Friday, April 4, 2008

Customer Service: Source of Revenue or Brand Strength?

This blog is dedicated to marketing experiences, but one the truisms of business is this: The best marketing cannot overcome a bad experience with the product. Marketing can deliver awareness and consideration, but it cannot sell a product that consumers find provides no emotional or logical benefits.

Another truism is that the US economy is increasingly a service economy. Services account for a higher percentage of US GDP than 20 years ago, and products today have a higher service component than in previous decades.

Together, these two facts mean that the best "experience" a brand can provide is a positive customer service experience. Why then are more and more brands making the mistake of thinking customer service should be a profit center rather than a source of brand enrichment?

I personally have experienced the positive and negative brand impacts of customer service in recent months. My positive experience was with Microsoft, often viewed as being a faceless corporate entity. I manage an online ad campaign on their PPC (pay per click) program, and I was having trouble trying to get an expired campaign restarted. Unable to figure out how to relaunch my campaign, I sent a service email on a Sunday at noon. Two hours later they called me and solved the problem in two minutes. On a Sunday! I bragged about this experience to friends and on blogs, and it altered the way I think about Microsoft.

My negative experience was with Symantec, provider of the Norton suite of security software. My computer got infected with malware, and my Norton security suite not only allowed the infection but seemed unable to find and solve it. That's okay--I know the people who make viruses are pretty ingenious sorts, but I do expect Symantec to stand behind it's product, so I turned to their customer service chat feature. The Symantec rep announced he could solve the problem, I typed "thank you," and he responded it would cost $99.95. My reaction was so negative that I solved my malware problem by uninstalling Norton and downloading some freeware that fixed what Norton could not. Moreover, I shared my negative experience with many peers and on blogs.

It shouldn't be news that the quality of customer service can make or break Word of Mouth (WOM), so why is it so hard for companies to figure out that positive customer service creates positive customer experiences? And why, in the name of common sense, do companies think that charging for expected customer service would be in the best long-term interest of the brand? In my Symantec example, I not only didn't pay for their "service", but I canceled my renewal of their security subscription. They lost a customer when they might've instead created a raving fan.

What got me to thinking of my recent customer service experiences was an article from "Air Canada now wants you to pay extra for better customer service," says the article. The air carrier rolled out a new service called "On My Way" that, for a fee, promises to help passengers cope with delays and cancellations beyond the airline's control, including bad weather or airport traffic.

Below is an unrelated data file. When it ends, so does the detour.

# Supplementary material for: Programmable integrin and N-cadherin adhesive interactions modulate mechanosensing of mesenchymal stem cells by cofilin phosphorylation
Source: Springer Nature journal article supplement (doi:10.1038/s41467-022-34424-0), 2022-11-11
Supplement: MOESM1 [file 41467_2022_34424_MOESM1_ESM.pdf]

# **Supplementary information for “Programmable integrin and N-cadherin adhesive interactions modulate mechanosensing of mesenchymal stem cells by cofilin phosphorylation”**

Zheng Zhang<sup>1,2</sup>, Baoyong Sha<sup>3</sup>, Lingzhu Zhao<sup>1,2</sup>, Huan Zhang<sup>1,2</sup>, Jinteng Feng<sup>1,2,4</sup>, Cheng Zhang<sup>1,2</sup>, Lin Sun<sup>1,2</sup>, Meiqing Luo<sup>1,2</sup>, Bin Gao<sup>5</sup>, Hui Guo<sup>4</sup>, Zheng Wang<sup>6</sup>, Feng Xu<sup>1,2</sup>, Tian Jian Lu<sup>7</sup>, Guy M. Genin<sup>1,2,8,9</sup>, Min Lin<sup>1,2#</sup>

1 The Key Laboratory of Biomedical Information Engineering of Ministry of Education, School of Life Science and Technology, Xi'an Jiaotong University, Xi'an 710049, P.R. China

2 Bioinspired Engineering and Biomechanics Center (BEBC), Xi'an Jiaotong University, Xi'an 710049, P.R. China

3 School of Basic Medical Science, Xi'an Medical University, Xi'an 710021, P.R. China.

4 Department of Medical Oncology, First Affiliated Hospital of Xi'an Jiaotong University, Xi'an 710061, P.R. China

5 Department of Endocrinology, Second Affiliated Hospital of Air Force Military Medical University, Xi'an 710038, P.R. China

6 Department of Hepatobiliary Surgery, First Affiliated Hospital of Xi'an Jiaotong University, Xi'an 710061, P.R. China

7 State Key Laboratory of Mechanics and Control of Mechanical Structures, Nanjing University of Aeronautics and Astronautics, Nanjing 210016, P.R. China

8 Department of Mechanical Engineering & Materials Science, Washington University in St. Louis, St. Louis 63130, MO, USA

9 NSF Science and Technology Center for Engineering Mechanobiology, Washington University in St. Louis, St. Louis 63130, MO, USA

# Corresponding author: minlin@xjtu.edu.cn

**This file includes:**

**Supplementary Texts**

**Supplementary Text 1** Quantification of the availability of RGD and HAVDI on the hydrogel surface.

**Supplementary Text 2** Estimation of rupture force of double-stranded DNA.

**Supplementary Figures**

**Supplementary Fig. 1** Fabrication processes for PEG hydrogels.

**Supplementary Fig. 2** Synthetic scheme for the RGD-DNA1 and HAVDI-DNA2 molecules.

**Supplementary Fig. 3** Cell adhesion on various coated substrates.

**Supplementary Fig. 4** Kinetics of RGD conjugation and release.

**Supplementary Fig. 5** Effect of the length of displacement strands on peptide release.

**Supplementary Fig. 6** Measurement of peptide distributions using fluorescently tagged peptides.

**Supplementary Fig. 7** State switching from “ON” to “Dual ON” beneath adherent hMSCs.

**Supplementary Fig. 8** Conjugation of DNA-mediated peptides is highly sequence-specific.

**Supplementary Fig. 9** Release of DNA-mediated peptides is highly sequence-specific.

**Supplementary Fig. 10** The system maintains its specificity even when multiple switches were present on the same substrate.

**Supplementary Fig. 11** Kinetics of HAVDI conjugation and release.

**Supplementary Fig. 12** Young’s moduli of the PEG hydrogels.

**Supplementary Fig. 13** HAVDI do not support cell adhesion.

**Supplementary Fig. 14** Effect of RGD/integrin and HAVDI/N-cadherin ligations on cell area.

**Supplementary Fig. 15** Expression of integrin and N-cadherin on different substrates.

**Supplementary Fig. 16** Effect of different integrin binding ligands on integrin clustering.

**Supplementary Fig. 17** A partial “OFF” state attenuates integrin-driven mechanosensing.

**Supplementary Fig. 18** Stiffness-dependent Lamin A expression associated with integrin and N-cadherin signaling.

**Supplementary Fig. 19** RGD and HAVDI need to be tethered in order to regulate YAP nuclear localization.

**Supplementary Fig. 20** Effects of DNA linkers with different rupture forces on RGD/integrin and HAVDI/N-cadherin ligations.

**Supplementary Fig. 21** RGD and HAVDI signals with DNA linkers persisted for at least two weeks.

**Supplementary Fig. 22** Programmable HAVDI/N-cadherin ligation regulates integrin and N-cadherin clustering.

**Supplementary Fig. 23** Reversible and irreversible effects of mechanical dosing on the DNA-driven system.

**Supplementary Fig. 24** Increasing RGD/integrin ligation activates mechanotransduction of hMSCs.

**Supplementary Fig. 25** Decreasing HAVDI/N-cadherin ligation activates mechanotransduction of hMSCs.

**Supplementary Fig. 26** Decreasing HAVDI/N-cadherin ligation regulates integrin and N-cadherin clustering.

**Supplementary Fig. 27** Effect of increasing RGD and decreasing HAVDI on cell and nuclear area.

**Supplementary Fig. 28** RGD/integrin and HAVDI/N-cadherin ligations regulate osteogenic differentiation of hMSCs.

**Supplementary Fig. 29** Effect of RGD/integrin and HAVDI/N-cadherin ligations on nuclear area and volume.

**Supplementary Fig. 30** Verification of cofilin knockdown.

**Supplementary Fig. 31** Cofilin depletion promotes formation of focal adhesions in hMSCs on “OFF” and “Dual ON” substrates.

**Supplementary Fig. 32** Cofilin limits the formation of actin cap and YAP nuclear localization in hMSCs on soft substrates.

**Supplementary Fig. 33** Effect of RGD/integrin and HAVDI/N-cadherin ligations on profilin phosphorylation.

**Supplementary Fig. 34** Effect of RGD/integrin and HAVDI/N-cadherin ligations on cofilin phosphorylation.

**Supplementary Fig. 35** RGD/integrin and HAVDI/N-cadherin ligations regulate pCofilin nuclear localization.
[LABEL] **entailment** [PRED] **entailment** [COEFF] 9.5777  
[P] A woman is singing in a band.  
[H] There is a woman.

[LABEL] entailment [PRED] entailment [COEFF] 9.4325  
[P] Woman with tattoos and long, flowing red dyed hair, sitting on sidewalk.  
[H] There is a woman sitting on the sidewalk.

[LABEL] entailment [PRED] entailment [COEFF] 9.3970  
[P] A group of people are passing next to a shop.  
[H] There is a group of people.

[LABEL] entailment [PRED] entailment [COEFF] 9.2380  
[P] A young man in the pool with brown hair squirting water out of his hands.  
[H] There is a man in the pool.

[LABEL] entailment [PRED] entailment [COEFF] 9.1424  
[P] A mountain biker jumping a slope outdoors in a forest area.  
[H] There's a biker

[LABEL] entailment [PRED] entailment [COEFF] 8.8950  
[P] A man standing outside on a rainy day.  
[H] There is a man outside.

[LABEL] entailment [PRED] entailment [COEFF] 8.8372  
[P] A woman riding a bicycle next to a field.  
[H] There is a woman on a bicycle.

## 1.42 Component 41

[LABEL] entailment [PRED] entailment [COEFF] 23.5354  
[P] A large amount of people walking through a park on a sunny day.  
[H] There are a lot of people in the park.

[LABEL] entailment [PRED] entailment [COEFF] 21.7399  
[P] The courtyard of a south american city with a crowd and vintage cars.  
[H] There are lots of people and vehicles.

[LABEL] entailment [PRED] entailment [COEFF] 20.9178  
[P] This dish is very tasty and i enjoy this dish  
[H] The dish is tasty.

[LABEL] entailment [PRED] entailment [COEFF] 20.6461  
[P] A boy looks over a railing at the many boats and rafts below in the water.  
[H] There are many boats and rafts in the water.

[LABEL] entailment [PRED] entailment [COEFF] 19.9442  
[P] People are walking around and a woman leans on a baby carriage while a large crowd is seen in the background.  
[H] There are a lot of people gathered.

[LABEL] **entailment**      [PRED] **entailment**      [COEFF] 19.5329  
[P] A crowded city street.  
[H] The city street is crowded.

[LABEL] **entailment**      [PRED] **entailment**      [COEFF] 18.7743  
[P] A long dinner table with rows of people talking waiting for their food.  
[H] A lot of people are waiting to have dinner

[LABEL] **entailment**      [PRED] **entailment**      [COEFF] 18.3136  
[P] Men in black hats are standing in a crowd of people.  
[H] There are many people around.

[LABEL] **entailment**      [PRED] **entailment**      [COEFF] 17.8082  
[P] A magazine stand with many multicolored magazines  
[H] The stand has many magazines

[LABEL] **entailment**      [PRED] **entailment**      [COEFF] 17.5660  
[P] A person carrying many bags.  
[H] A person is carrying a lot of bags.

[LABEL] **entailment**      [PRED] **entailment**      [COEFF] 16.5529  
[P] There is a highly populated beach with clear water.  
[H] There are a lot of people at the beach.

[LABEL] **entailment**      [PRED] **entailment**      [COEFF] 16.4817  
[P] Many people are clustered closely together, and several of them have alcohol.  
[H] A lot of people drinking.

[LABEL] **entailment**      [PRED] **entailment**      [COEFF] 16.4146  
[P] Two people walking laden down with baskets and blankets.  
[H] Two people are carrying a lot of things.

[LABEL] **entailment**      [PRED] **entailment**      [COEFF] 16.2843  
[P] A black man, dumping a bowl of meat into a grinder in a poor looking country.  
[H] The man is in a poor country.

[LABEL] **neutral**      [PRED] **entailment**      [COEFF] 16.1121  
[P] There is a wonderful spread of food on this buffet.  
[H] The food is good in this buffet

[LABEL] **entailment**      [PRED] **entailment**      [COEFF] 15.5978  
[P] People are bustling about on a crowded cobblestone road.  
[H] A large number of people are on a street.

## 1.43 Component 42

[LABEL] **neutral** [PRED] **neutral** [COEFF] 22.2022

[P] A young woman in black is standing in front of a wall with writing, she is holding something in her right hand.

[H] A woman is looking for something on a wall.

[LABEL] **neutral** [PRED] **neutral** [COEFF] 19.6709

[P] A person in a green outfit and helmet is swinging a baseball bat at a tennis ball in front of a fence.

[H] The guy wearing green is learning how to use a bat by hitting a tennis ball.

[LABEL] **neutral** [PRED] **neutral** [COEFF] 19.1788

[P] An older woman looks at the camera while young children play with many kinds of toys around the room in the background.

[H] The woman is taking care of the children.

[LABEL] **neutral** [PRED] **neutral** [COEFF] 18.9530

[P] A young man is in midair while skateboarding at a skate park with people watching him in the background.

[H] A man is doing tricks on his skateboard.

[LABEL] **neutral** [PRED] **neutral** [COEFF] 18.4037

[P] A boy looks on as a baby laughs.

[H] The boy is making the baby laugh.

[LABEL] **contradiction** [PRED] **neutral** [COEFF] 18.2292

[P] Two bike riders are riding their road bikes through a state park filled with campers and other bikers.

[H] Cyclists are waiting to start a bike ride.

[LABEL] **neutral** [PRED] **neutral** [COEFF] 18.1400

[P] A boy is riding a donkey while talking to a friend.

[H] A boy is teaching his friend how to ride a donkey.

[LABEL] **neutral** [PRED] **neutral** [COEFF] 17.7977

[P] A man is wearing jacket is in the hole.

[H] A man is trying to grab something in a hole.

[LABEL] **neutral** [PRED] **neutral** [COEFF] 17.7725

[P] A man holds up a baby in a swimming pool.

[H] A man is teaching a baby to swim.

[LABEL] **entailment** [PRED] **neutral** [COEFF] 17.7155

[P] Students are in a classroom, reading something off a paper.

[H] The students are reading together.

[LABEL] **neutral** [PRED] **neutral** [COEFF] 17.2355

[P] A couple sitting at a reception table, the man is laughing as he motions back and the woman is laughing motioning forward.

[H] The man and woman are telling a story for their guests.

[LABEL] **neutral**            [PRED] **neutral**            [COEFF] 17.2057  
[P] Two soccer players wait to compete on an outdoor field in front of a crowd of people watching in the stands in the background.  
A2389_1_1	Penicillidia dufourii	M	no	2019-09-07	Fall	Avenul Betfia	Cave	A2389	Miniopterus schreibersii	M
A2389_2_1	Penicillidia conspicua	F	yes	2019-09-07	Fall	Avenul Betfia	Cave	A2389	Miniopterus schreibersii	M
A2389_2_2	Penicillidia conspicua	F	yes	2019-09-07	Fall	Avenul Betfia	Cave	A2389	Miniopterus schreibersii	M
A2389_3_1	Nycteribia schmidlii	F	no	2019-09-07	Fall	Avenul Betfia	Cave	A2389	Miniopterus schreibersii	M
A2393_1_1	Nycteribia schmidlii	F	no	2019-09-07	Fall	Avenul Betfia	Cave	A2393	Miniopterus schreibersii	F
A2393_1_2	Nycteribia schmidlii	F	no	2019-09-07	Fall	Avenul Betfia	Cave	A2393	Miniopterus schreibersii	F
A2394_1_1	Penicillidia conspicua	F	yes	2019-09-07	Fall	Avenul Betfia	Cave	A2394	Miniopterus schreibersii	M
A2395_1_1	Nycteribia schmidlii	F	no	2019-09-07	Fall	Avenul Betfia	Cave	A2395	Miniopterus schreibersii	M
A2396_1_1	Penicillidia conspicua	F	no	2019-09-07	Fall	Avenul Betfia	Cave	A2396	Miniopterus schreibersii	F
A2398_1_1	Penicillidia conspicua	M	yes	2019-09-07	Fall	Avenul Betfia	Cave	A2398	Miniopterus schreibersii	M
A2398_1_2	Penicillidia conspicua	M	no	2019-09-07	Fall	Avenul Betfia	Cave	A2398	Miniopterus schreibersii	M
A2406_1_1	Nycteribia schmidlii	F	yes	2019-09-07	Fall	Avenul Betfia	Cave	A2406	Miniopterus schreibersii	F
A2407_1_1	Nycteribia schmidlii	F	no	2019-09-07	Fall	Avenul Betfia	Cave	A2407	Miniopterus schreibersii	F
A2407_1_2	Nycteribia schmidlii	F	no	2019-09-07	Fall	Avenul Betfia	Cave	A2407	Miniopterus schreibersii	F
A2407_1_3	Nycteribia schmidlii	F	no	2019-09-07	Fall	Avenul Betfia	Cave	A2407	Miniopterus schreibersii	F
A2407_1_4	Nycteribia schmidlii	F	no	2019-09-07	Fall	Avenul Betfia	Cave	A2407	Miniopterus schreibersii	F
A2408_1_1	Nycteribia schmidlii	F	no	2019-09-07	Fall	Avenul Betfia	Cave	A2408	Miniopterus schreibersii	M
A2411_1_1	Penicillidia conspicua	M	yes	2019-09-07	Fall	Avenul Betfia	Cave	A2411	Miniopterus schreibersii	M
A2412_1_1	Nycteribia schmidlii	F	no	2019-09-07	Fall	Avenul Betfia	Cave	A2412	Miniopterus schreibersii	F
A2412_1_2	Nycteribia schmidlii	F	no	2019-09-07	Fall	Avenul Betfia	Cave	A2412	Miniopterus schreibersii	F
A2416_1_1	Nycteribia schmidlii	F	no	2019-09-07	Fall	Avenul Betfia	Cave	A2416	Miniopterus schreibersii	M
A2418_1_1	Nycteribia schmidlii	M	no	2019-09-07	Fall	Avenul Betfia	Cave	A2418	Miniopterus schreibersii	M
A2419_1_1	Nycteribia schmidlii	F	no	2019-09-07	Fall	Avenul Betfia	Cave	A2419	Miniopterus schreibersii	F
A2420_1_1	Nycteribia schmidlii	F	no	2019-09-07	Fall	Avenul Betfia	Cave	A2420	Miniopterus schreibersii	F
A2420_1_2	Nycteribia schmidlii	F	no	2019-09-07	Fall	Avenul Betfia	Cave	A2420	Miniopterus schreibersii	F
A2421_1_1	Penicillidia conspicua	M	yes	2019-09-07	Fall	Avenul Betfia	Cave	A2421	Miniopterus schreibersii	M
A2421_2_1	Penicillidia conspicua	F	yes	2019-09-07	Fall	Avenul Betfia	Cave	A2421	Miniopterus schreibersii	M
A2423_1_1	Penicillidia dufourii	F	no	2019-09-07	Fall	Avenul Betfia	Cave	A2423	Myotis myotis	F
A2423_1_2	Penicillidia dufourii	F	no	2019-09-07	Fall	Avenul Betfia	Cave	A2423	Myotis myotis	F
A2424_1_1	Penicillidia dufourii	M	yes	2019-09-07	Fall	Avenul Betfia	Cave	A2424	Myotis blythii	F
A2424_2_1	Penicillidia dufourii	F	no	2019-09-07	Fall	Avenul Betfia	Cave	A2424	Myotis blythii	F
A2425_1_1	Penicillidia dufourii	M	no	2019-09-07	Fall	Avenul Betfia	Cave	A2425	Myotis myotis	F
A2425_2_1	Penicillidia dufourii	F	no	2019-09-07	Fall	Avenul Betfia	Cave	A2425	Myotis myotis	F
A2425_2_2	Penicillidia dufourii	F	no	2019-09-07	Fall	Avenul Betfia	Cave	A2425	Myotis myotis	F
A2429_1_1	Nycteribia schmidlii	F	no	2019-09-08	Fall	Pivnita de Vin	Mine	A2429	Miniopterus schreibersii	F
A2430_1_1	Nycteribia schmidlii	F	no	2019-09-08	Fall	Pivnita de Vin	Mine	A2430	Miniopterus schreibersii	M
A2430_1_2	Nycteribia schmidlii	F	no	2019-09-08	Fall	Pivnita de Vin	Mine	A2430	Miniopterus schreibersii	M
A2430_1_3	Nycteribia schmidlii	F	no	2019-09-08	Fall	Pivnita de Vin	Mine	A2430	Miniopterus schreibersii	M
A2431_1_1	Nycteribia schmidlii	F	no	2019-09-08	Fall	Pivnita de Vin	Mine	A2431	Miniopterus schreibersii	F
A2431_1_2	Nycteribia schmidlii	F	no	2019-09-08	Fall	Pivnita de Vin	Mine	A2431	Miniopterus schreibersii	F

An airline consultant comments how Air Canada will need to deliver excellent customer service to those paying extra because, "People are going to have heightened expectations." And therein lies the problem for Air Canada, Symantec, and any other brand trying to turn service into profit: Consumers already have heightened expectations!

We live in a time of heightened expectations, and the growth of social media only means that word will spread when brands either excel or fail at customer service. Brands cannot strive to utilize Web 2.0 tools to fashion a stronger brand while their own business practices provide customers with reasons to feel slighted and complain on MySpace, Facebook, Twitter, and across the blogosphere.

I'm not suggesting companies can never make money from service, but when offering fee-based service to those who are already customers, it is imperative that service be so distinct from whatever the consumer has already paid for that the extra value is obvious. When I pay for Symantec's "full circle of protection" on my PC, I would expect to pay extra for their SmartPhone security service, but there is no way to overcome the negative brand experience that results from being asked by them to pay to fix my infected Norton-protected PC.

I think it's a shame Air Canada launched their "On My Way" program as a for-fee service. Think of the positive PR and enhanced brand image that could've resulted if they had announced this as a free service for all fliers. Delighting customers with quality service shouldn't be something brands charge for--it should just be part of the entire brand experience.

1 comment:

Anonymous said...

You are exactly right about how good/bad customer service can make or break their buisness. I recently read a an amazing book customer service book about customer service, I really think buisness these days can learn alot if they read it!!! Good customer service really isn't too much to ask for!!!!!